The Reform Movement’s Religious Reductionism

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The reduction of Judaism to a political position roughly identical with the editorial page of the New York Times constitutes one of the greatest threats to American Jewish continuity. That reductionism was on full display at the recent convention of the American Reform Movement.

Much of the press coverage of the convention focused on passage of a resolution “against war in Iraq.” “American Jews and all Americans are profoundly critical of this war,” said Eric Yoffie, president of the Union for Reform Judaism, in a press release announcing the resolution. The press release concluded with a quotation from navy doctor Dr. Michael Rankin: “This is not a just war.” In an accompanying op-ed piece, Yoffie expressed his “outrage” over the war.

Nor was Iraq the only subject on the agenda. The delegates voted overwhelmingly to oppose Senate confirmation of Judge Samuel Alito, Jr. to the Supreme Court. While acknowledging Alito’s intelligence, integrity and judicial temperament, he was deemed too great a threat to “choice and women’s rights.” The convention also passed resolutions in support of the Millennium Development Goals to end global poverty (no resolution that the lamb lie down with the wolf was introduced), endorsed voting rights for the citizens of Washington D.C., and supported workers’ rights to organize.

In his major address, Yoffie lashed out at the Christian Right and implicitly linked those who oppose rights for homosexual couples to Nazis by pointing to the Nazi persecution of homosexuals.

All in all, the proceedings were fully consistent with the position once expressed by David Saperstein, head of the movement’s Religious Action Center. Saperstein told a friend of mine that “social justice” is the fundamental tenet of Reform Judaism. Though the definition of “social justice” evolves, he explained, in America today it primarily refers to “women’s right to choose” and “homosexual rights.”

For the record, I disagree on policy grounds with the Iraq resolution. I do not know Michael Rankin’s theory of “just war,” but I suspect an overwhelming majority of the 25 million citizens freed from Saddam Hussein’s claws would disagree with his characterization of Operation Iraqi Freedom as unjust. (The resolution glosses over the end of Saddam’s tyranny en passant.)

The resolution cites the ongoing deaths of American servicemen and Iraqi civilians as if they are by themselves a complete argument for speedy American withdrawal. But the number of Iraqis killed and the chances of Iraq dissolving into separate cantons (another of the resolution’s criticisms of the war) would only increase in the absence of American troops. The jihadists, disgruntled Baathists, and Sunnis embittered by the empowerment of the Shiite majority would be better able to go on blowing up their fellow Iraqis after an American withdrawal.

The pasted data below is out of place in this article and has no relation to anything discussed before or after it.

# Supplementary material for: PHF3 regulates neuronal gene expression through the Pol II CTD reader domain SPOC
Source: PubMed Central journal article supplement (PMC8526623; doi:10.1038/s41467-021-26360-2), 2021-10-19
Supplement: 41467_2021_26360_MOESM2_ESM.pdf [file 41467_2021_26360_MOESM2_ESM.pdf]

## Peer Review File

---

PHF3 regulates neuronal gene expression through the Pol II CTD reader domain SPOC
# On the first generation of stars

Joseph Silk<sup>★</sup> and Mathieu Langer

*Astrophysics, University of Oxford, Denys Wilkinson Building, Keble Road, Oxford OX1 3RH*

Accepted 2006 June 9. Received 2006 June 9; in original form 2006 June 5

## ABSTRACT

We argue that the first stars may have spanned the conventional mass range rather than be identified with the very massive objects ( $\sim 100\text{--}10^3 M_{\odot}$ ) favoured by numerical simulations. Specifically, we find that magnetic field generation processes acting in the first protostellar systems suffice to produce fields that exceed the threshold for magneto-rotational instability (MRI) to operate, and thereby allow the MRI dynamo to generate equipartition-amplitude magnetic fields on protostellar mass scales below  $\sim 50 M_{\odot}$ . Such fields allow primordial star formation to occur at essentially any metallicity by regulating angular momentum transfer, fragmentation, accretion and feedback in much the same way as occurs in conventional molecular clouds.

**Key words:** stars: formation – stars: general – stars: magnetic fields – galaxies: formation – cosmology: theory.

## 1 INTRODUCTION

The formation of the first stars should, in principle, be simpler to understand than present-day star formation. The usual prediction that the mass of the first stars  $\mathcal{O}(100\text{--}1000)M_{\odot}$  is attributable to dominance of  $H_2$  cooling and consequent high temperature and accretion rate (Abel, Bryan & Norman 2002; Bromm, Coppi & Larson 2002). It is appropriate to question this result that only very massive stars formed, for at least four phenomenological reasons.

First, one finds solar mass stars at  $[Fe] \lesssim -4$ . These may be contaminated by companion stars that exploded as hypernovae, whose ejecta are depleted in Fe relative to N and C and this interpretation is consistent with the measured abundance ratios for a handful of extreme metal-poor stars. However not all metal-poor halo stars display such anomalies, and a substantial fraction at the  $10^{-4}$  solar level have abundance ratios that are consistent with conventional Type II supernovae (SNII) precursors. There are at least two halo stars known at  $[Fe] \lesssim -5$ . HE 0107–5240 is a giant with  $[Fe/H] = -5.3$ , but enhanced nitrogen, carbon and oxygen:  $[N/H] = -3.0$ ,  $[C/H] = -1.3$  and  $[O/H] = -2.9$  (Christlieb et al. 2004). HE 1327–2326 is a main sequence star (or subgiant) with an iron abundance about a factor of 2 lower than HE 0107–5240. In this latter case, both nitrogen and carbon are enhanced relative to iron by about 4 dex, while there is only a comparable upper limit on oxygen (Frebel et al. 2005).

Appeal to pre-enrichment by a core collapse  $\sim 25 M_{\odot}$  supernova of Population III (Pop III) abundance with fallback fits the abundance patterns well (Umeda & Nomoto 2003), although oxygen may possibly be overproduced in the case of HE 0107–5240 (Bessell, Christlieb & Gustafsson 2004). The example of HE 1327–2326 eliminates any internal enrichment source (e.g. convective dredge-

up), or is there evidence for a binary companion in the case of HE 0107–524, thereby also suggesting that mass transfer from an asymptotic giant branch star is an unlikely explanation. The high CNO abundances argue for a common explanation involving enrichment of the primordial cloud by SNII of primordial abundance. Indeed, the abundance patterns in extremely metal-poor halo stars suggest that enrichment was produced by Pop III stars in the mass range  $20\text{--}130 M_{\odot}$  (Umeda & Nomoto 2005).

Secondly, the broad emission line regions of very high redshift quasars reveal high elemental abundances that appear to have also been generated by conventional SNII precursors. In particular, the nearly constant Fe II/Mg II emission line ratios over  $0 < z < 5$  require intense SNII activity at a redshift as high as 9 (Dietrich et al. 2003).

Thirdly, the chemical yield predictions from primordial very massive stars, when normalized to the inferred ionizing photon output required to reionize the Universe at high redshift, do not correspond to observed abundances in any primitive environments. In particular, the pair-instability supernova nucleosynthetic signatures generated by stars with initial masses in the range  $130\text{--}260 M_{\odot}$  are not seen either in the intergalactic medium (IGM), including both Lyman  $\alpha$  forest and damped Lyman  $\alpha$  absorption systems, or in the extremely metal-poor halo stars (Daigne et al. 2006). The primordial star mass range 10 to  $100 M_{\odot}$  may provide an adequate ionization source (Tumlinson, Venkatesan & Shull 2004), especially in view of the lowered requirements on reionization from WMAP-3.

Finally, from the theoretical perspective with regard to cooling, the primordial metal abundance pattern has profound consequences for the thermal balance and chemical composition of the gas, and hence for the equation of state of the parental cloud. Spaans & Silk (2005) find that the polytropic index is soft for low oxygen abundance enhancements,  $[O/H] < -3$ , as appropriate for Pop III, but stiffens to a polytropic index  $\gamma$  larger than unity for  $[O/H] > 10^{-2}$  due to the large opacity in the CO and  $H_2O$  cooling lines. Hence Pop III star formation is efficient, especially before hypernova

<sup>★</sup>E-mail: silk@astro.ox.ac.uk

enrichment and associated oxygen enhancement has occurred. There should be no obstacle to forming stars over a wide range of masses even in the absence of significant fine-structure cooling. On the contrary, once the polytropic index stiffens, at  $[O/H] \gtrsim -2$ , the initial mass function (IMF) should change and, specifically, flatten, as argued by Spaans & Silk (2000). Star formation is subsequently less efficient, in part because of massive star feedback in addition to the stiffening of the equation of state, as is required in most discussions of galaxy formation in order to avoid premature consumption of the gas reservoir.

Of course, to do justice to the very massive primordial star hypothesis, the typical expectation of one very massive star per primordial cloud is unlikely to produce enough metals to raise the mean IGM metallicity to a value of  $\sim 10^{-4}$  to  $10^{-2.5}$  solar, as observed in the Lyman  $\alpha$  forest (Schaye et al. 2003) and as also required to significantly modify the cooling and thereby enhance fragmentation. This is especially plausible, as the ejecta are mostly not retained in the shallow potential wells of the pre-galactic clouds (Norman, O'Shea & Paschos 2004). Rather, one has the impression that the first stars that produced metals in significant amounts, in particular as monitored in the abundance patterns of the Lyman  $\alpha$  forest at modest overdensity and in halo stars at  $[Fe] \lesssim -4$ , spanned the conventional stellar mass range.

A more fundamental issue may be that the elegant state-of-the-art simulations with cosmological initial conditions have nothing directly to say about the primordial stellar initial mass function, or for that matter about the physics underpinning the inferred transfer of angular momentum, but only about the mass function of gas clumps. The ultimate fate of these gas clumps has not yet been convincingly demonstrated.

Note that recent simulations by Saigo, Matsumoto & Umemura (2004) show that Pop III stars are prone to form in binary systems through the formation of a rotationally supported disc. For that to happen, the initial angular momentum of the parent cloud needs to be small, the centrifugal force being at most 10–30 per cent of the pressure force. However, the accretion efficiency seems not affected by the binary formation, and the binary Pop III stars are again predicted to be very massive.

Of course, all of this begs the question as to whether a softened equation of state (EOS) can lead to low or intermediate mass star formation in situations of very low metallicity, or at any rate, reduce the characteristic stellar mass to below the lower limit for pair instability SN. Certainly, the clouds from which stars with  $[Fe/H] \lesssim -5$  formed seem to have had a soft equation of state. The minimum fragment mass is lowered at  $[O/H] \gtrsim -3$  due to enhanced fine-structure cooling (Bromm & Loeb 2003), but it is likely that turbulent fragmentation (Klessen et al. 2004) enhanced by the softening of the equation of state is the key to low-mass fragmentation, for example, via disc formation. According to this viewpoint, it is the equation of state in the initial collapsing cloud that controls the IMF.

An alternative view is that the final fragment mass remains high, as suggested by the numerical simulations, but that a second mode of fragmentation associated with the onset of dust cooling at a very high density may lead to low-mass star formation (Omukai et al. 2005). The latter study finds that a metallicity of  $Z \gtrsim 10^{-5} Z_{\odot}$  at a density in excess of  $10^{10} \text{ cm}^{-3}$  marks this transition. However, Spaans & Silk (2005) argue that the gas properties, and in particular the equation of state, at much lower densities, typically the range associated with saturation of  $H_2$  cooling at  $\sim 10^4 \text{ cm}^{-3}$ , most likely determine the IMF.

As Abu Musad al-Zarqawi made clear in his intercepted February 2004 letter to Osama bin Laden, the great enemy of these groups is democracy. Suicide bombings targeting the Shiite population and designed to trigger civil war are their chosen means of thwarting a democratic Iraq. If America forces are forced to withdraw by domestic political pressure, the big winners would be Zarqawi and his legions of suicide bombers. And his tactics will be emulated around the world.

Yet I would not maintain that the Torah dictates one clear position on the myriad policy debates over American policy in Iraq. The same cannot be said with respect to much of the Reform Movement’s “social justice” agenda. Presumably Eric Yoffie would also deem as “hateful” the Torah’s explicit condemnation of male homosexual acts as an “abomination.” And it is hard to imagine an idea more antithetical to the Torah than that women or men are the absolute owners of their bodies free to do with them what they wish. The Torah repeatedly describes how G-d took us out of the slavery of Egypt in order to become His servants and accept His laws.

The Reform movement’s resolution opposing confirmation of Judge Alito quotes a 19-year-old college freshwomen, who informs us, “Our tradition teaches us that we must not be silent.” The question, however, is where her “tradition” teaches her to look when she decides what noises to make. Not to Judaism’s sacred texts, one can surmise from the fact that only 7% of American Jews view the study of such texts as important to their Judaism. Nor to her temple, which only 2.5% of Reform Jews attend even once a month.

Rather she will be taught to look to herself. “Personal freedom of choice” is the bedrock of Reform Judaism, declares a pamphlet of the Central Council of American Rabbis (Reform). But a Judaism self-defined by each individual Jew is essentially contentless. And that void will typically be filled by the latest political orthodoxy. Shortly before his death, Jacob Petuchowksi, longtime professor of theology at Hebrew Union College (Reform), wrote, “Because American Reform Judaism no longer finds it necessary to justify itself before G-d and Jewish religious tradition, its abject submissions to any and all modern fads are boringly predictable.”

A Judaism reduced to the command to express one’s political opinions loudly offers no plausible reason why the Jewish people should continue to exist. Judaism defined as the vector sum of the individual opinions of all Jews at any given point in time leaves no room for what Jack Wertheimer calls “the distinctive commandments, beliefs and values for the sake of which Jews over the millennia . . . have willingly, and gratefully, set themselves apart.”